Here's an example where grace is the currency of an economy.
Ted Gioia, “Gratuity: Who Gets Paid When Art Is Free,” Image, issue 104.
Gioia explains that creatives of all sorts – musicians, artists, poets, journalists, and so forth – are being taken advantage of by Internet platforms that encourage them to share their art as a gift, then use that art to reap billions in advertising revenue.
Artists, eager to give their creative gifts to the public, readily jump on the bandwagon, knowing that someone else is making money off their creativity; however, there’s nothing they can do about it.
It is too easy for the public to shrug at this situation, since many of them can take the arts or leave them. The artists can try charging for their creativity, but Gioia thinks this sometimes undermines their desire to gift their work to the world, and doing so can debase their contribution.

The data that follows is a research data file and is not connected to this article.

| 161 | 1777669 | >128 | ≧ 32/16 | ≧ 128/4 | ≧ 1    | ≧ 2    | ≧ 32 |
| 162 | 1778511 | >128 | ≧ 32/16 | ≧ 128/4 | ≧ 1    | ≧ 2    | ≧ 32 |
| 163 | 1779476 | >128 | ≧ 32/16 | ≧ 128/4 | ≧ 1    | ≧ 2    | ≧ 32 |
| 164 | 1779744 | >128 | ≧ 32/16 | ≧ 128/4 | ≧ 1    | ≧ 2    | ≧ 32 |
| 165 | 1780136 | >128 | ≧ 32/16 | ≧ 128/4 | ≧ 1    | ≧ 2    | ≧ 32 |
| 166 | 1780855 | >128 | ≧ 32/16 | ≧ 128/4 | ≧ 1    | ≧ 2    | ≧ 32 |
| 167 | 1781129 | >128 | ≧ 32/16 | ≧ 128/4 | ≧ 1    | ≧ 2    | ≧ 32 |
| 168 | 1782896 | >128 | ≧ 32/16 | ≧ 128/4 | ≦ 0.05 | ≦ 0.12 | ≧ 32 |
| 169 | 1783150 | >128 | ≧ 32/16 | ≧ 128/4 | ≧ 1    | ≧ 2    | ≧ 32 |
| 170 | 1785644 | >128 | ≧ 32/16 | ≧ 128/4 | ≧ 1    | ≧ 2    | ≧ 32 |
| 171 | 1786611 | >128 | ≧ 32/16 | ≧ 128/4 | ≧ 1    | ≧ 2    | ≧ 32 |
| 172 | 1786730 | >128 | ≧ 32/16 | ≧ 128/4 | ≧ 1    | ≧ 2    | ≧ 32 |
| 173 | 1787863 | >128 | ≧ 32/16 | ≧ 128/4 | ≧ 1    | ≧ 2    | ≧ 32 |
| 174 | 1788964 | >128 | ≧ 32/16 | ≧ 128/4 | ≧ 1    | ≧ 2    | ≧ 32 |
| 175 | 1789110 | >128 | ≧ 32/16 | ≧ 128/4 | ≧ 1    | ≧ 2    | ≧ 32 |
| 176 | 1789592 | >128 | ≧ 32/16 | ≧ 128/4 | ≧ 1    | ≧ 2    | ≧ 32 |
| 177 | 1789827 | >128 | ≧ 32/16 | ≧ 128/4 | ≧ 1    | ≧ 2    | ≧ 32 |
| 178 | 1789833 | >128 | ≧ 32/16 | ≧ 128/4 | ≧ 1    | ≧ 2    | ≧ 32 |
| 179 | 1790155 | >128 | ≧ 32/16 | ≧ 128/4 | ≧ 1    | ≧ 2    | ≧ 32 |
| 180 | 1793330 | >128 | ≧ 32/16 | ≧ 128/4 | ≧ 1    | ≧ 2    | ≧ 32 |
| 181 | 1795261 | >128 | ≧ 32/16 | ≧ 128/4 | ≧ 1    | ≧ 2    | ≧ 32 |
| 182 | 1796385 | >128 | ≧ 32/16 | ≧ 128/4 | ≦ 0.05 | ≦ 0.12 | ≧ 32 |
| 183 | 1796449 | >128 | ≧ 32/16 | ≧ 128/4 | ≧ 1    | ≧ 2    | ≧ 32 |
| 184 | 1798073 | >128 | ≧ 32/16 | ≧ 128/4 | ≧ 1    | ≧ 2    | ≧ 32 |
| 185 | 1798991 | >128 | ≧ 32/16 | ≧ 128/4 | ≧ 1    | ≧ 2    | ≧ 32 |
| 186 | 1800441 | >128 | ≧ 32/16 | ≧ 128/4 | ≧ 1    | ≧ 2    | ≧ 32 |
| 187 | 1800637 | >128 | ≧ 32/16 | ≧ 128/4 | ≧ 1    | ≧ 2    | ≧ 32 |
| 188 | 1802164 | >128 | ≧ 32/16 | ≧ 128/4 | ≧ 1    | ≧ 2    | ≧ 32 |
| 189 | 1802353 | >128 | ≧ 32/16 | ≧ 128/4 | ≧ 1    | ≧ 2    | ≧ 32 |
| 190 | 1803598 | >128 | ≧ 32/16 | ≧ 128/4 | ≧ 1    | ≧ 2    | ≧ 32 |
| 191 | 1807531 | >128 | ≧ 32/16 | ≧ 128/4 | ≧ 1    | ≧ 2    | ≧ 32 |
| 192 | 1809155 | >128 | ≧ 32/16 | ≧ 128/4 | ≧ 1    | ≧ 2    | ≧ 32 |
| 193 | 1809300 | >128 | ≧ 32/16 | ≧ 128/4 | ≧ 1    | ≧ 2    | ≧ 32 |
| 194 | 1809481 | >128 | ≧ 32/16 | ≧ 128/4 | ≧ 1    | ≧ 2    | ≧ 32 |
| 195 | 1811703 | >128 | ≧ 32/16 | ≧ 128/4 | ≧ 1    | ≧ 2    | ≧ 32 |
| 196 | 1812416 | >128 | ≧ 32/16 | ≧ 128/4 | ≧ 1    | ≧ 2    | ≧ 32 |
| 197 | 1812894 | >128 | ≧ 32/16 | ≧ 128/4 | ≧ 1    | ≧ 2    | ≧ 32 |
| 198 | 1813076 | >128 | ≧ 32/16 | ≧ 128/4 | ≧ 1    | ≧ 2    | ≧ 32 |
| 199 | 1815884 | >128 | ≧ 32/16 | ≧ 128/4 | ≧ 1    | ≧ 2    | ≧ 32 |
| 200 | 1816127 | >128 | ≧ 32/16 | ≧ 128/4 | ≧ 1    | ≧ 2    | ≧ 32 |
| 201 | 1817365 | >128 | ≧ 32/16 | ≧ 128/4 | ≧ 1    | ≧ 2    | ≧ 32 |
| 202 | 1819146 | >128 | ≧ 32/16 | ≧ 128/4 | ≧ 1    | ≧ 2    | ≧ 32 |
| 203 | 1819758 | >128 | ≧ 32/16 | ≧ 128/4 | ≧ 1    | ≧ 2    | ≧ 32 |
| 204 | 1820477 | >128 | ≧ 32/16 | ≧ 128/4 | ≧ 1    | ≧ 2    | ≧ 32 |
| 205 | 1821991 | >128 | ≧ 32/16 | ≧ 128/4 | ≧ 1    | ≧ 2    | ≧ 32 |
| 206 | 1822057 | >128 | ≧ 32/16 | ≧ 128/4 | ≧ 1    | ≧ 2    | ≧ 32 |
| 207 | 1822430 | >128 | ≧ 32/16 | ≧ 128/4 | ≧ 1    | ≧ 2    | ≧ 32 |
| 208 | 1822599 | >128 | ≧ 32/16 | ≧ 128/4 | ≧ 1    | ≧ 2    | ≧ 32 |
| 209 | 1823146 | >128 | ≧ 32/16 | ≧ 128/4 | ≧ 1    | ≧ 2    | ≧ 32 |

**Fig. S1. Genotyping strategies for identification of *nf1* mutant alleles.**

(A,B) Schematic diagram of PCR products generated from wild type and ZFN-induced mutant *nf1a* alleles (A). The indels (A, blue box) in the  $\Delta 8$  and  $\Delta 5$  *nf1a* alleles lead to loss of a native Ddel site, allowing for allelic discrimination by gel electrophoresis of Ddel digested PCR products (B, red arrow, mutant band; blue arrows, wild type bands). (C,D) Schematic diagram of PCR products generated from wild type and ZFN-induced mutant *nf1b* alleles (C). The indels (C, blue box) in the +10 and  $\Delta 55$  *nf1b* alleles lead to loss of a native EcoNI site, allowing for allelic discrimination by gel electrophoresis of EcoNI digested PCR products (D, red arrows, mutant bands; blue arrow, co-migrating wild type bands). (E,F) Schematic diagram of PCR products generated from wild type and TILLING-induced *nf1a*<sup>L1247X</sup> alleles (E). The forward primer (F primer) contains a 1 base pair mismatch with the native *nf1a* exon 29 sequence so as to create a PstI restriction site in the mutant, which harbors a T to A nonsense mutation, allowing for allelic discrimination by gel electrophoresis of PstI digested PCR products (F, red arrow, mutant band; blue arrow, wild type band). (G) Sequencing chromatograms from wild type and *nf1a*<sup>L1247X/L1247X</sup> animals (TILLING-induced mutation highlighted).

Gioia suggests the need for a “gift economy” such as a Wikipedia, where those who contribute do so freely, and no one profits from their work. I confess that I become a bit rankled every time I see a church post its music license number, indicating it has paid for the right to sing these songs written by Christian composers. In a true gift economy – an economy of grace – creatives would be supported by their communities based on the value they provide in terms of spiritual, aesthetic, or intellectual enrichment. They, like everyone else, would look to the Lord to meet their needs, and share their work and its fruit as an offering to the Lord.
But I suspect they might want to hold on to their day jobs, for a while at least.